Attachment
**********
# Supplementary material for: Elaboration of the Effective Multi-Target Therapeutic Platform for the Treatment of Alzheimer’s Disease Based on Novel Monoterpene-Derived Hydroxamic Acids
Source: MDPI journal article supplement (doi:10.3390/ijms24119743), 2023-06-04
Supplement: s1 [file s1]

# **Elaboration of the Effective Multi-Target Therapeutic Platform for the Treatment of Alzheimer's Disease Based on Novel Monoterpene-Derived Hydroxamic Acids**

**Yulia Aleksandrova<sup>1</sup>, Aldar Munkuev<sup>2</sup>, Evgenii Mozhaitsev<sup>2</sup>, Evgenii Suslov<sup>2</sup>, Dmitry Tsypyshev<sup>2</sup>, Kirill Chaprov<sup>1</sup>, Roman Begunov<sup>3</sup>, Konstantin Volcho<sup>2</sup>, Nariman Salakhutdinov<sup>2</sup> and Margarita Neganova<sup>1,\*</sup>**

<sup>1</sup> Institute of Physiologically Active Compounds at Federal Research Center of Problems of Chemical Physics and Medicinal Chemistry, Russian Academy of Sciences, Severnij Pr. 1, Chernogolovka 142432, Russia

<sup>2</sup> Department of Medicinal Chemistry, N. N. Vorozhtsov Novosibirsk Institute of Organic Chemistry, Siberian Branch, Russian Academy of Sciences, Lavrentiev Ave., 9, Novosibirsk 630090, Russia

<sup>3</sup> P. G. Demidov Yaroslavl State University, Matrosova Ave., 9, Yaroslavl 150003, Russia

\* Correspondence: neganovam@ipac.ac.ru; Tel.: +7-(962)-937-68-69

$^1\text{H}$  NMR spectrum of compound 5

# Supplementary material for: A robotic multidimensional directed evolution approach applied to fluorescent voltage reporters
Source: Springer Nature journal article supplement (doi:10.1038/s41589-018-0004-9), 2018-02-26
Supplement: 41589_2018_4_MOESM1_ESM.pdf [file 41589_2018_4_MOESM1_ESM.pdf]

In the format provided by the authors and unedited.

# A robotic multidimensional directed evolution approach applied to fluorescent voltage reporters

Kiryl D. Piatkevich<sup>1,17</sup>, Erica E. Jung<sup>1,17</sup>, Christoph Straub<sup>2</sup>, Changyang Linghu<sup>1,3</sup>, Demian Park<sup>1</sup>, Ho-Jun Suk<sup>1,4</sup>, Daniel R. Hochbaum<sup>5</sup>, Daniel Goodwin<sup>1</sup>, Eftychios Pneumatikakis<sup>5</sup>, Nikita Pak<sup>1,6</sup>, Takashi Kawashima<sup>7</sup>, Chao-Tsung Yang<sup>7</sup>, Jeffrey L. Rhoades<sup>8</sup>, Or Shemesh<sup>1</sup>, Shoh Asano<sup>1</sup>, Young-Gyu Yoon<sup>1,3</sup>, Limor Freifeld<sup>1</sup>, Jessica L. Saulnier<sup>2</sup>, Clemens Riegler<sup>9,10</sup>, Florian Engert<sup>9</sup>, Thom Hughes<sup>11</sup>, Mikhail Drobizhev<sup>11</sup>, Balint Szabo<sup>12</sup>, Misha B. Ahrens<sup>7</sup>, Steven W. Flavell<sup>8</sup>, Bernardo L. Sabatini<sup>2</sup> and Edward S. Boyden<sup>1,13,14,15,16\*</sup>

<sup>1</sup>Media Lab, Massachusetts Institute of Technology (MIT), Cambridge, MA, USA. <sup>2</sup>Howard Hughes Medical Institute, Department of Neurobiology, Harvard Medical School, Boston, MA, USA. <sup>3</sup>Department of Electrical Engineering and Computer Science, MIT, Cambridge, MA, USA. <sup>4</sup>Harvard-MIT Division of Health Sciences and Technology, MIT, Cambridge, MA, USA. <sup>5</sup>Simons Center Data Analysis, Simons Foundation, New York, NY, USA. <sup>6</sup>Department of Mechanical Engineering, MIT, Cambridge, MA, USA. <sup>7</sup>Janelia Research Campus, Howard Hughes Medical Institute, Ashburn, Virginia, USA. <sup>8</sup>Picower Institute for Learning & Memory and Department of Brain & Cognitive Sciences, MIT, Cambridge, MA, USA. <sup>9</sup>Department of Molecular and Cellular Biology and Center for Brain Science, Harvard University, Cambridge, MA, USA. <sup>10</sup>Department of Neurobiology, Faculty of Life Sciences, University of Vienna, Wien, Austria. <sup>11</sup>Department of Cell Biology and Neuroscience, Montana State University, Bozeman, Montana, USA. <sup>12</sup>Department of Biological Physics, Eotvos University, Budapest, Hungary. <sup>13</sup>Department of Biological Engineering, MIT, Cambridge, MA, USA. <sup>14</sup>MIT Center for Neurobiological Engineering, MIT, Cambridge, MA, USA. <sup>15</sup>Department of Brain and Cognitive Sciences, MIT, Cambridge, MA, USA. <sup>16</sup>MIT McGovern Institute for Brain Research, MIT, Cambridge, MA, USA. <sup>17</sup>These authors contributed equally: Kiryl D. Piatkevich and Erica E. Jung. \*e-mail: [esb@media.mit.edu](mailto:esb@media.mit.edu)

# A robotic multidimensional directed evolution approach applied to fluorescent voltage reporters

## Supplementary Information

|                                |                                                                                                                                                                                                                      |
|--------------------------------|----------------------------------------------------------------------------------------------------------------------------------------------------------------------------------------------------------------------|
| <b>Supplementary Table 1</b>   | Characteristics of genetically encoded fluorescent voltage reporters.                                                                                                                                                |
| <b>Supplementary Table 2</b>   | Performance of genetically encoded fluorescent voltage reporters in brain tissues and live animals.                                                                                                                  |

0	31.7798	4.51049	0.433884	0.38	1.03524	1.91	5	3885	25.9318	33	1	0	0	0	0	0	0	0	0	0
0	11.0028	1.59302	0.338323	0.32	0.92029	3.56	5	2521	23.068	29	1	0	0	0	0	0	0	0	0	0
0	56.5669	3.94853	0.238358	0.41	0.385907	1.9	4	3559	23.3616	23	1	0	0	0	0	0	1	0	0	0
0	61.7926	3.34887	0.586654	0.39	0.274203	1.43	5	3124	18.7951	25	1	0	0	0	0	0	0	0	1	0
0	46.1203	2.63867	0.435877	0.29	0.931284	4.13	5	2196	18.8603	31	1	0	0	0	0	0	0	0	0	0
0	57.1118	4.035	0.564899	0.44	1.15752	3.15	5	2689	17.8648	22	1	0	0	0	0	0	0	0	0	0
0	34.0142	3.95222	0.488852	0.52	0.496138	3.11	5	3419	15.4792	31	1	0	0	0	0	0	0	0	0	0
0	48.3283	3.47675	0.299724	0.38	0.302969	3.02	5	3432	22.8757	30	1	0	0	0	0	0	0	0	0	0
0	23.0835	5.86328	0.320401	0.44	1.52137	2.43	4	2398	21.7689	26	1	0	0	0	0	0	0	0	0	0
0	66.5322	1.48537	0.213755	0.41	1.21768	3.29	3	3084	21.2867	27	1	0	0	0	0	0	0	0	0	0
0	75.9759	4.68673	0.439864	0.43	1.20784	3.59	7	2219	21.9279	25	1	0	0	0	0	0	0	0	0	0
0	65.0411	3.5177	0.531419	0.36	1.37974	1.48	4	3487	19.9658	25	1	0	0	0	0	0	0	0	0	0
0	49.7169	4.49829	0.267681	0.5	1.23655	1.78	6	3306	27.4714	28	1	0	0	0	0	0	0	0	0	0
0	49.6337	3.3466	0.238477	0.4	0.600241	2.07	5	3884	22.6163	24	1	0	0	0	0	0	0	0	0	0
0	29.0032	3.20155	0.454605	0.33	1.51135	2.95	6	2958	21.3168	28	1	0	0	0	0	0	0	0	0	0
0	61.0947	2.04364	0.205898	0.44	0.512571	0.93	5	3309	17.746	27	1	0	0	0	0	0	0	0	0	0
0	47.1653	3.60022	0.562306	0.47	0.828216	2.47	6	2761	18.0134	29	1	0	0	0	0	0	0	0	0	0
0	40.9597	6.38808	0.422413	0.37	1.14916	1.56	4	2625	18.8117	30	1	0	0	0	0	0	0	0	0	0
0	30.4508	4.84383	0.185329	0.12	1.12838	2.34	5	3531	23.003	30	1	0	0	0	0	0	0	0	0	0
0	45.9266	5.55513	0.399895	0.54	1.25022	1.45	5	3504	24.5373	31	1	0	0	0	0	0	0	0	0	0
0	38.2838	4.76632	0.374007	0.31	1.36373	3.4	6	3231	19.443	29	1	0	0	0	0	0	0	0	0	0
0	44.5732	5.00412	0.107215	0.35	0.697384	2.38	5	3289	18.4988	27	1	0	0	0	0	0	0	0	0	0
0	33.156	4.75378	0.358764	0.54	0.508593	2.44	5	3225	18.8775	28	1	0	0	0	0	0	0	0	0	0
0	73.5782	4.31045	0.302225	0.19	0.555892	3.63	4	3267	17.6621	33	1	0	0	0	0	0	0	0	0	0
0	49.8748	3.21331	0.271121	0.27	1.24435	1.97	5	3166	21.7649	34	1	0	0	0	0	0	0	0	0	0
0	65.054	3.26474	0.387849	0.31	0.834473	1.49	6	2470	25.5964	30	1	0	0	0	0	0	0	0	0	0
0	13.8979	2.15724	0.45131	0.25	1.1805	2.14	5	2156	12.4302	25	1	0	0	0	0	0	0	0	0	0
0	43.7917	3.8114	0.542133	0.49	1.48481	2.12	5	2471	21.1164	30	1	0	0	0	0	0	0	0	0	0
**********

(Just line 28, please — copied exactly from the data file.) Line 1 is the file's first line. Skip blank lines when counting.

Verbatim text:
0	46.1203	2.63867	0.435877	0.29	0.931284	4.13	5	2196	18.8603	31	1	0	0	0	0	0	0	0	0	0